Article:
No desire to die Chinese

Italian writer Antonio Scurati believes that the boom in Chinese investment in Europe and the influence of Chinese capitalism on the European economy are a threat to the freedom and sovereignty of Europeans and for their social and cultural model.

Published on 13 October 2011 at 16:02

I don't know what you think, but, as far as I'm concerned, I have no desire to die Chinese. Yet, the way things are going, it is highly probable that I will.

In mid-September, just at the time when Southern Europe was rushing towards disaster, during the Annual Congress of the World Economic Forum, which, since 2007 is held (is this a coincidence?) in China, and which is, this year, titled "New Champions 2011," prime minister Wen Jiabao announced that his country would invest more and more in the "old" continent.

Are the Chinese going to save us or invade us?

With a terrifying sense of timing, some insistent voices were heard in the preceding days concerning Chinese intentions in making massive investments in Italian Treasury Bonds, as corroborated by the trip to Rome by the president of the China Investment Corp, one of the world's wealthiest investment funds. He came to discuss the purchase of a consistent packet of shares in businesses strategic to our national economy. Since then, not a day has passed without us asking ourselves if the Chinese are coming to save us or to invade us.

In my own case, the question is all the more worrisome, because, as chance would have it, my most recent novel La seconda mezzanotte [Not translated into English] came out totally by chance on September 14, the very day press agencies were heralding the words of Wen Jiabao.

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In the book, I imagined that in 2092, Italy would become a satellite state of China after having ceded its entire external debt and that Venice, following a terrible flood, was bought by a Beijing-based transnational company. Recast with the statute of Politically Autonomous Zone, its new destiny would be to become a theme park dedicated to luxury and the rampant vices of nouveaux riches from the East.

Clash of civilisations between Europe and China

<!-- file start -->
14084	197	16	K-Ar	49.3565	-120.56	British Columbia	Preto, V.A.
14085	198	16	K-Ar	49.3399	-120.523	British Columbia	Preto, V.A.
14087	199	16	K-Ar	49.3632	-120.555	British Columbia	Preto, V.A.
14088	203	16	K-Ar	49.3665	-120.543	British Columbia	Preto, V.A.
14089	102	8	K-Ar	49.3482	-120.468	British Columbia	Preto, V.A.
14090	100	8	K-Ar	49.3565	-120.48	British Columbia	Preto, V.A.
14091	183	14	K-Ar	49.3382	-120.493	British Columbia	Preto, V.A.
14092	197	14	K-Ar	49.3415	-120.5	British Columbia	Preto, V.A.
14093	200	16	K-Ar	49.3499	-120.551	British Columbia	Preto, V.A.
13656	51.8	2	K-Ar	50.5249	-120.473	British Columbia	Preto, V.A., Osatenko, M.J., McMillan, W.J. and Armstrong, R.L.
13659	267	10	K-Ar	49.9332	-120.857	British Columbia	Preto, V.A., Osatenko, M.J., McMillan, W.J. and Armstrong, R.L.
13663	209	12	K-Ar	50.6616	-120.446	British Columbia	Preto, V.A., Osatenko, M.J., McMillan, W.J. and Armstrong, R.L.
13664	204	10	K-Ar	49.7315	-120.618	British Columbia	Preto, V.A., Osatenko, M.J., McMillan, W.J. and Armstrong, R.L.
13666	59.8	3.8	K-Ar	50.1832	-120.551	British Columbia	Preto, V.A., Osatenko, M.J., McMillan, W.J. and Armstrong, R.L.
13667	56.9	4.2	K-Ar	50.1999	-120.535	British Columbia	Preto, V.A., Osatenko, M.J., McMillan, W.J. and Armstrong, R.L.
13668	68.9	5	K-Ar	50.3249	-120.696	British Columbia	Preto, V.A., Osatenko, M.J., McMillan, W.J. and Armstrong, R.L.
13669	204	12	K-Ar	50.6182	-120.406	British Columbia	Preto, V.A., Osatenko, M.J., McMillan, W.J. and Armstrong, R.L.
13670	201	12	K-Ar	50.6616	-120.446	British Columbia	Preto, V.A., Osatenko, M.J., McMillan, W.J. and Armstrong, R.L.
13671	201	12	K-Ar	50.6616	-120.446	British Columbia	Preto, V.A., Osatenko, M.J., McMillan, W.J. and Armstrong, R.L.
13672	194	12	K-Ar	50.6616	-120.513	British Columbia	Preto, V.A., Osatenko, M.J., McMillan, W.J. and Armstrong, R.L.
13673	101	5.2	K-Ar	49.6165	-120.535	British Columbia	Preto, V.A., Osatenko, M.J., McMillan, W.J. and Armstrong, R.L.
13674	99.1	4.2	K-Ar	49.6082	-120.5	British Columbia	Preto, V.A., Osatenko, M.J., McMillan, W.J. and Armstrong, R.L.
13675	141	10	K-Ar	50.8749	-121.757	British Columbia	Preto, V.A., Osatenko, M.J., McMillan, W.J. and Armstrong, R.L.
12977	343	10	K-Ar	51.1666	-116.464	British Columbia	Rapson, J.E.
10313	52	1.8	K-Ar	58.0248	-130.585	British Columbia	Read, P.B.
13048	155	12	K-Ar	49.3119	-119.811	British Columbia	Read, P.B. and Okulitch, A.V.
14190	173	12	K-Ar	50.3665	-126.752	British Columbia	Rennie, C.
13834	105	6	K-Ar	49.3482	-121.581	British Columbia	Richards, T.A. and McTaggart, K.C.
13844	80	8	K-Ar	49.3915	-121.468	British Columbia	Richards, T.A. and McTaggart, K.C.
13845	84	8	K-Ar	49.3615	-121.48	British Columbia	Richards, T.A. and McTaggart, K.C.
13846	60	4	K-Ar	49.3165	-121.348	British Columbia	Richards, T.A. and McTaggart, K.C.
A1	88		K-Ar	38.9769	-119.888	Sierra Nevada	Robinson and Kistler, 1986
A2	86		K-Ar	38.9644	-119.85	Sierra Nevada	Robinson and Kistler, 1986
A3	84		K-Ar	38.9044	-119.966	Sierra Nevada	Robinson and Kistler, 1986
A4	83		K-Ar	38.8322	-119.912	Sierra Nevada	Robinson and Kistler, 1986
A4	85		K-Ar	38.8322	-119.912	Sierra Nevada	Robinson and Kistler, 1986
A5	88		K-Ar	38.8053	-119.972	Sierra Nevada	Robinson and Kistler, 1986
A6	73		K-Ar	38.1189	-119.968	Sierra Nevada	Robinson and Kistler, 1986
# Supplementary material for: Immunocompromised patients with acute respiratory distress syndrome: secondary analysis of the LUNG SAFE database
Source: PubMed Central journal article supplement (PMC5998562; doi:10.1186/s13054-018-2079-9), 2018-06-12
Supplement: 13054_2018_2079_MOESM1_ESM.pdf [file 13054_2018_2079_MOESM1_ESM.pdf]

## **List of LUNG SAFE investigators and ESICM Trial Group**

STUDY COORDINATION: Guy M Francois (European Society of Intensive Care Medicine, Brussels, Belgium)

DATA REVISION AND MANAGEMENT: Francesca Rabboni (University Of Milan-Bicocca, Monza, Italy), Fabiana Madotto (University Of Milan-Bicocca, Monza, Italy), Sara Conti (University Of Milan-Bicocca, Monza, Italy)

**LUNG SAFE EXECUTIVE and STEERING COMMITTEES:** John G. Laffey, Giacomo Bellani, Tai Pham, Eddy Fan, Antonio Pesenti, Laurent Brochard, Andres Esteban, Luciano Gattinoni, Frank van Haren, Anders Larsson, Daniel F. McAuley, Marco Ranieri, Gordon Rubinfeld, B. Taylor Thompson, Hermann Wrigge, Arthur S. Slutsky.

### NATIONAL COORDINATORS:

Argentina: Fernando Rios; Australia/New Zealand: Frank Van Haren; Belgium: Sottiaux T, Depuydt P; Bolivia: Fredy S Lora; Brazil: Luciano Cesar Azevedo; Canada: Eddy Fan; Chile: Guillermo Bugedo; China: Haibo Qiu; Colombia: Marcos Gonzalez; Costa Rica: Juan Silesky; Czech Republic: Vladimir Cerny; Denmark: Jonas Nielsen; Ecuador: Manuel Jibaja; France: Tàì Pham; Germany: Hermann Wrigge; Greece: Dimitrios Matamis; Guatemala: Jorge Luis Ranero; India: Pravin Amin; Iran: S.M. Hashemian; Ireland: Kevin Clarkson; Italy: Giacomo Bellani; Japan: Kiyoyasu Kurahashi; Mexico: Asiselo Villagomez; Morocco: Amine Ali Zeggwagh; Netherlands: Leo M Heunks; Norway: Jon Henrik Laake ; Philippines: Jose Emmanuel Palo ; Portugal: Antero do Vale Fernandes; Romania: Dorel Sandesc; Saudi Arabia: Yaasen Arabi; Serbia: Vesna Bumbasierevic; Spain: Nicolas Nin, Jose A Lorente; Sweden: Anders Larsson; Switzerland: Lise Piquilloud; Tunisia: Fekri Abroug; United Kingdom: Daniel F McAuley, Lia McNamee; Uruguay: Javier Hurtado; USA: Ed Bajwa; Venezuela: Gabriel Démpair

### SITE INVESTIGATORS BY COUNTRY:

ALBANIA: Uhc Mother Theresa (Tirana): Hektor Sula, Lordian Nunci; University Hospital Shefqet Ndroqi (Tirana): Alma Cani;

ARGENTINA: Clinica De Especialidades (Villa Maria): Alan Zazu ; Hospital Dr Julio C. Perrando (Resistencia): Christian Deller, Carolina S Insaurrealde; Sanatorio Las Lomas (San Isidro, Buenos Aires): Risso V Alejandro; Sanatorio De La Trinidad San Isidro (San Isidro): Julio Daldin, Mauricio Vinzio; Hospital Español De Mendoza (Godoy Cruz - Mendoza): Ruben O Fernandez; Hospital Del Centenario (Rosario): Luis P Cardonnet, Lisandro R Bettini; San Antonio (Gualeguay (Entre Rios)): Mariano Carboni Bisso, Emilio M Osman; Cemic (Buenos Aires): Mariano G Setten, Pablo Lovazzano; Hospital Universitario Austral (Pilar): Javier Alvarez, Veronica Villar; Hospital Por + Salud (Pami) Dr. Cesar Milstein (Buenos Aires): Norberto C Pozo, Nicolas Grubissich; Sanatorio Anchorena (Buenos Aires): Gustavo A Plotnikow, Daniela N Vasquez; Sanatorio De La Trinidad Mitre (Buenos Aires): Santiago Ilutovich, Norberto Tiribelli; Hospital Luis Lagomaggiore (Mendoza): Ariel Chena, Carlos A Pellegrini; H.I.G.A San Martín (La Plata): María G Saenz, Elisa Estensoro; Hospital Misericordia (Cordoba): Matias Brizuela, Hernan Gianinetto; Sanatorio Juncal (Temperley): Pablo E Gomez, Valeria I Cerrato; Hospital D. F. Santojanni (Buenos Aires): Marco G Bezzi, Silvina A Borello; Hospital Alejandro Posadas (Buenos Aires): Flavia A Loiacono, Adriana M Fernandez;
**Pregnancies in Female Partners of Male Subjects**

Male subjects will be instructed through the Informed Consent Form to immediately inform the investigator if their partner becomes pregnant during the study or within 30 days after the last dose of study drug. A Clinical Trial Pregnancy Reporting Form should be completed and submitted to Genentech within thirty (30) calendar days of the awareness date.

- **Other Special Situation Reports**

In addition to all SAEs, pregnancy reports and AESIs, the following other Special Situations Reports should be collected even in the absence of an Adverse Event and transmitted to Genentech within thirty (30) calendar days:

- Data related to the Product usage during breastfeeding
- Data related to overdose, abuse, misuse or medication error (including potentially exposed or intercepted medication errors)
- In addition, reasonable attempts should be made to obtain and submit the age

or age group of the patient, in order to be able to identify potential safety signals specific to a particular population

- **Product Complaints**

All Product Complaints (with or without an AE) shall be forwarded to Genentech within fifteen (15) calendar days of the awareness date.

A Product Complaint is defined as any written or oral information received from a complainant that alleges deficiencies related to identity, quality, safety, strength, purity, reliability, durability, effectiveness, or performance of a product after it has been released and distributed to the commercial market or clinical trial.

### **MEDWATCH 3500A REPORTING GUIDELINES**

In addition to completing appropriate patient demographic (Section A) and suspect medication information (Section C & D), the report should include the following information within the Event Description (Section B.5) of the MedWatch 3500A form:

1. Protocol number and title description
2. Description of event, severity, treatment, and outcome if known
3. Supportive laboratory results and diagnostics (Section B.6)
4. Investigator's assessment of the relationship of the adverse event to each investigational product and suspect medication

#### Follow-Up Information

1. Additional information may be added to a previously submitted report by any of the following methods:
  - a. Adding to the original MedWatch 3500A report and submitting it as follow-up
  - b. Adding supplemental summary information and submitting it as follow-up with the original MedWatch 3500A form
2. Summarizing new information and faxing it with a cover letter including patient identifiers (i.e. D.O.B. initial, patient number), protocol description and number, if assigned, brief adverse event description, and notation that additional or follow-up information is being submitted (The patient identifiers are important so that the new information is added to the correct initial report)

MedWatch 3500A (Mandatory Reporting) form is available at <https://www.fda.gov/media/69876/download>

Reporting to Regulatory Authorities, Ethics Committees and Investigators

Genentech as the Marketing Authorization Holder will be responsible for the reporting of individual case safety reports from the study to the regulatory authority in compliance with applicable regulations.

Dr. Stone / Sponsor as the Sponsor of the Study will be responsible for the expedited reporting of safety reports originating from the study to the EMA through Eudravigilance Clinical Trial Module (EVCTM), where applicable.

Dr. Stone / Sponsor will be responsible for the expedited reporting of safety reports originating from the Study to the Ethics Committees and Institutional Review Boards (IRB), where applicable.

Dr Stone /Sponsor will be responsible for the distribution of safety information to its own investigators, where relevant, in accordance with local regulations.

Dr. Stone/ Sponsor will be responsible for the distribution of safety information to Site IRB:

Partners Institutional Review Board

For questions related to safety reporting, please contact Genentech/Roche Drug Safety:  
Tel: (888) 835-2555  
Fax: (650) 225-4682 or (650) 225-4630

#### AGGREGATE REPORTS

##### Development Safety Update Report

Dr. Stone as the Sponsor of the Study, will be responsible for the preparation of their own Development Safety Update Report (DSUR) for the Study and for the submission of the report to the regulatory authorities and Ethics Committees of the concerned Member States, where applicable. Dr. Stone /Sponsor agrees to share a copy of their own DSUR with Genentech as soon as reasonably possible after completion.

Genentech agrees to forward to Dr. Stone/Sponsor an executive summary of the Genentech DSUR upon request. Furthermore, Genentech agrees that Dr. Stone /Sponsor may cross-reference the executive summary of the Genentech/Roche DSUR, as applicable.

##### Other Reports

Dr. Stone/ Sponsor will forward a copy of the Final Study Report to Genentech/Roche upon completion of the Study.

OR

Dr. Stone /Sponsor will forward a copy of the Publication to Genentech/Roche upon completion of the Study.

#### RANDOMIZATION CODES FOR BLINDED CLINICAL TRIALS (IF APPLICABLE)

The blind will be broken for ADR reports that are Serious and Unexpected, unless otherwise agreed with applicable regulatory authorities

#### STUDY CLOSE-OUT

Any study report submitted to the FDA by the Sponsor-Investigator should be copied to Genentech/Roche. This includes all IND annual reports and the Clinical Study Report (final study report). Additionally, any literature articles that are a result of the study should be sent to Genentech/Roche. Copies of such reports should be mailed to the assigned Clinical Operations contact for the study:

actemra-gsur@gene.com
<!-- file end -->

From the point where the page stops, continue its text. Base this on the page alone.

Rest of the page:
Literary catastrophes aside, it seems clear that the arrival of Chinese political and financial sovereignty on our old continent would precipitate the decline of European civilisation as we have known, dreamed and loved it (even if only in our idyllic visions). I fear that this is a serious threat for the cultural foundations of modern Western European civilisation including: the people's political sovereignty; freedom of thought and of expression; labour and citizens' rights; personal autonomy; solidarity towards others in the society; personal worth; food safety and the respect for the sanctity of life.

Yes, I fear all this not only because I can still see in my mind's eye the young man who, in Tiananmen Square, confronted a tank armed only with two grocery-filled bags (don't forget the man was also Chinese), or because I foresee a conflict of civilisations between Europe and China, but because I am frightened by the drift of a financial capitalism in which Chinese sovereign funds today represent the spearhead and by the use made of capitalism which was conceived to finance labour and business but which has succeeded in burying both.

If in the near future politics isn't capable of retracing its steps on the path that led from sovereignty to obscenity, there is in fact a risk that, in a not-so-distant future, a gigantic conflict will erupt between the speculative interests of stateless financial entities – whether they be Chinese, US or home-grown is of no import – and the needs, legitimate aspirations and hopes of each of us.

View from China

Italy will end, like Sparta, as a theme park

The fears expressed by Antonio Scurati in one of his novels seem to have been heard in China. In the debt-ridden countries of southern Europe, writes Hong Kong-based web site Asia Times, "As the descendants of the former masters of the Mediterranean fade into senescence, hordes of Asian tourists will keep them in business. That's the Spartan model." The Times compares the Greek city to Italy - "Sparta is the first world power to succumb to demographic suicide, and also the first former power to live on as a theme park. [...] The last remaining Spartans continued to oil their hair, don their red robes, play their flutes and train in a phalanx for gawking Roman visitors until the end of the 2nd century CE". The Times adds that "If Italian tourists kept Sparta afloat half a millennium after its political model passed its best-used-by-date, Chinese tourists well might sustain Italy for another century or two". It also foresees that "Under the right circumstances, Asians could double that number in a few years, helping Italy to service its US$2.2 trillion external debt. But there's a catch: China would have to own a good deal of the country".

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